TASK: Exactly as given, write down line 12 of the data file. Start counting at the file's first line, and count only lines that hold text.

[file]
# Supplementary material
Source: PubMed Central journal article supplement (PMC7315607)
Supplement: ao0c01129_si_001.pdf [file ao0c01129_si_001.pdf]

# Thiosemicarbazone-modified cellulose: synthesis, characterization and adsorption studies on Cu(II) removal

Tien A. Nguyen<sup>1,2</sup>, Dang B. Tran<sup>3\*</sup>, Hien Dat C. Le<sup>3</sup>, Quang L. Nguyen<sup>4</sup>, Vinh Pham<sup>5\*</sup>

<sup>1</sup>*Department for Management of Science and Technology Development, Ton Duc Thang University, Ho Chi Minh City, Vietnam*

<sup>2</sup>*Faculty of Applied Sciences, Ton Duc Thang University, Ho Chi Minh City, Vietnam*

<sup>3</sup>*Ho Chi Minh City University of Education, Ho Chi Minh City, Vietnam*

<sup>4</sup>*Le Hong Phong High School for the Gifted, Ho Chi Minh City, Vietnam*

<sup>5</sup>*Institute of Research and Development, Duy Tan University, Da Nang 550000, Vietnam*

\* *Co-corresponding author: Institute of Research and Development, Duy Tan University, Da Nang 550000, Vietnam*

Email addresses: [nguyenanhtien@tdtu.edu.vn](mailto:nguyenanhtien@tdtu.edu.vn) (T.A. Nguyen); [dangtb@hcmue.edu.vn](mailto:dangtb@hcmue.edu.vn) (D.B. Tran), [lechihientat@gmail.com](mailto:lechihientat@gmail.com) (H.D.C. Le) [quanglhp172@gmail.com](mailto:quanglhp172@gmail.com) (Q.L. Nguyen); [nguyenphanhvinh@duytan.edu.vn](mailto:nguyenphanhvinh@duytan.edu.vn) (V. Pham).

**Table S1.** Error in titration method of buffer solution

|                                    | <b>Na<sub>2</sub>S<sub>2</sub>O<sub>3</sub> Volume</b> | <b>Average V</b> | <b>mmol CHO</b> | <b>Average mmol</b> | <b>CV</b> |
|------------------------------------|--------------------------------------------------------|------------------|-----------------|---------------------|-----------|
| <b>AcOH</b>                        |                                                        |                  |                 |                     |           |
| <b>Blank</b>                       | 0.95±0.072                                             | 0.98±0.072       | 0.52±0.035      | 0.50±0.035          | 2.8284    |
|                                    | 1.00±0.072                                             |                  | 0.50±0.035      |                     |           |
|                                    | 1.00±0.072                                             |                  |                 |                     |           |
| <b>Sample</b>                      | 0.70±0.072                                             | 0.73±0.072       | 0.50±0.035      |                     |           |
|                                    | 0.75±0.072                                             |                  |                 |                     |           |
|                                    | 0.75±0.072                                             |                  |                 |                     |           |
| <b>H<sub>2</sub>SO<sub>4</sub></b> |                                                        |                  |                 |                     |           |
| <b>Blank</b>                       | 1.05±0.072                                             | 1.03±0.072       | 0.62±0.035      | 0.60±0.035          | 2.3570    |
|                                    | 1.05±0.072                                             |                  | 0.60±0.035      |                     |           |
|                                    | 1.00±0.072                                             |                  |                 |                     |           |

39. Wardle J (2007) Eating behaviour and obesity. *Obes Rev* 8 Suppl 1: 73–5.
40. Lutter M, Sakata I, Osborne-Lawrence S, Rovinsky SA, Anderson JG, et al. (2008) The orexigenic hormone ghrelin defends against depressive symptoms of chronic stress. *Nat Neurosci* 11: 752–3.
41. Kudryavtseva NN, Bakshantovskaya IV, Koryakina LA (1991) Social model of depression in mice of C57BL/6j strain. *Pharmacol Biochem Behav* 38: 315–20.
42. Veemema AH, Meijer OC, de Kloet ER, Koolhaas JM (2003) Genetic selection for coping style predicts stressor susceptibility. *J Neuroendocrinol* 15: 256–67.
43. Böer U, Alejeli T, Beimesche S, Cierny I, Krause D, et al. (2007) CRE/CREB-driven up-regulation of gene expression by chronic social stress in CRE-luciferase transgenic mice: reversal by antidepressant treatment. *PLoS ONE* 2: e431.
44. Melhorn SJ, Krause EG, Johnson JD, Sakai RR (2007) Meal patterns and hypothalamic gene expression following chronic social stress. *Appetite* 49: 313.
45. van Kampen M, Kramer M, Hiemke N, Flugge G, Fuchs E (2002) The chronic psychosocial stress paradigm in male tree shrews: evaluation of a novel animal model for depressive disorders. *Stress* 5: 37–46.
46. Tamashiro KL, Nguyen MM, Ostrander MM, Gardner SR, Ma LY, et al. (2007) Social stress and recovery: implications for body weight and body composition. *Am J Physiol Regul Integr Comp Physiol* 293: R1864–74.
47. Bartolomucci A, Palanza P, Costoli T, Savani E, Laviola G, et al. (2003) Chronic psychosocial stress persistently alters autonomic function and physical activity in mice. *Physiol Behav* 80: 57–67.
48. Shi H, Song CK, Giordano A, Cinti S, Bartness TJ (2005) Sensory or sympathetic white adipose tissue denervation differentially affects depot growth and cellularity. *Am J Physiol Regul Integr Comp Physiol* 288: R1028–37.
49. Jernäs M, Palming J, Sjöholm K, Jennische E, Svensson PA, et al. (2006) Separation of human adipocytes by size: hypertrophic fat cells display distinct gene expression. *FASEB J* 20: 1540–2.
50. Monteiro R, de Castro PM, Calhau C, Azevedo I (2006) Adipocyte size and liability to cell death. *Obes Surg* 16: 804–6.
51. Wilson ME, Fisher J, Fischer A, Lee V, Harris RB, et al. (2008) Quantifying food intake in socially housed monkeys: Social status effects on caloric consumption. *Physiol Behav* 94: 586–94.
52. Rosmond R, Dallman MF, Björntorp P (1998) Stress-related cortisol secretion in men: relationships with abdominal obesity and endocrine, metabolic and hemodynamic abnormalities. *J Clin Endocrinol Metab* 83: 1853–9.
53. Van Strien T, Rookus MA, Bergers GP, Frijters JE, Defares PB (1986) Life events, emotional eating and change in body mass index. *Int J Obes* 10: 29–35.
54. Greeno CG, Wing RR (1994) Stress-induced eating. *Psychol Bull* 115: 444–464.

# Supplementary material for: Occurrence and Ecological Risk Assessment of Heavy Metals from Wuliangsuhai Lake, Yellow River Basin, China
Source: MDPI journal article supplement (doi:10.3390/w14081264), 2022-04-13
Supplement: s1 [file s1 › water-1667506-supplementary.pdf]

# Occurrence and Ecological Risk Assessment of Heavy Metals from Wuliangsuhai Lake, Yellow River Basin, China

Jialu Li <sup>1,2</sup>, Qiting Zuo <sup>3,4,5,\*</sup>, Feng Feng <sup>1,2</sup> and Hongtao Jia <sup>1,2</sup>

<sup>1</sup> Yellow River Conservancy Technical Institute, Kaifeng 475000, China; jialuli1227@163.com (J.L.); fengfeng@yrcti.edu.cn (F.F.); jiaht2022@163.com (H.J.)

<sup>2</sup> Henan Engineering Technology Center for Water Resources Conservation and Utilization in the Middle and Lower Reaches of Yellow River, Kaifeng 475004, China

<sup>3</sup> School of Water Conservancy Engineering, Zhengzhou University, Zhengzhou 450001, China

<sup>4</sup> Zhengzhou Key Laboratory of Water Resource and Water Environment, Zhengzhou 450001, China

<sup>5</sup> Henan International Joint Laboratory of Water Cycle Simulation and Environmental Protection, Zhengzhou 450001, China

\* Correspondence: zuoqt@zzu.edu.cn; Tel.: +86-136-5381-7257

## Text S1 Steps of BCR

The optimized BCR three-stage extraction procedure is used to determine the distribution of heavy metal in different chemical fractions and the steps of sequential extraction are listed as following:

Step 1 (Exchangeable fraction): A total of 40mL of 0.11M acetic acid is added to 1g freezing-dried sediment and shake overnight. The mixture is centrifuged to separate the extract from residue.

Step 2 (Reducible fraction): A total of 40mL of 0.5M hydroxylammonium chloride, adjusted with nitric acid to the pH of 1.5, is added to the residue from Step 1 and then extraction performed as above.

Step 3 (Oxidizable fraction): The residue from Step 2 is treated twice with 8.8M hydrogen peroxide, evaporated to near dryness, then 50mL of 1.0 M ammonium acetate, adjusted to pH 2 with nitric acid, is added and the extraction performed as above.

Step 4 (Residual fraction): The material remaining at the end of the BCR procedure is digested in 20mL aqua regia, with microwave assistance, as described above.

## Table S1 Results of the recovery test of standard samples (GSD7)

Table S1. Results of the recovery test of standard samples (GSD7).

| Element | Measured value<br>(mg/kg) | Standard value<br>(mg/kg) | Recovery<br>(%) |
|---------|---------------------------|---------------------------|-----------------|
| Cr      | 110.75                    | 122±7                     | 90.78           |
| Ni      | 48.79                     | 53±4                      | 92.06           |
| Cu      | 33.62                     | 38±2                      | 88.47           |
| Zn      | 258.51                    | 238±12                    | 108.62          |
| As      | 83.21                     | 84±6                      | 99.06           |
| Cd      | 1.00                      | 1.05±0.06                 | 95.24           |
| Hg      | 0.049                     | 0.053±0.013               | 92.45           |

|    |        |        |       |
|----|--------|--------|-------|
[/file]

Email addresses: [nguyenanhtien@tdtu.edu.vn](mailto:nguyenanhtien@tdtu.edu.vn) (T.A. Nguyen); [dangtb@hcmue.edu.vn](mailto:dangtb@hcmue.edu.vn) (D.B. Tran), [lechihientat@gmail.com](mailto:lechihientat@gmail.com) (H.D.C. Le) [quanglhp172@gmail.com](mailto:quanglhp172@gmail.com) (Q.L. Nguyen); [nguyenphanhvinh@duytan.edu.vn](mailto:nguyenphanhvinh@duytan.edu.vn) (V. Pham).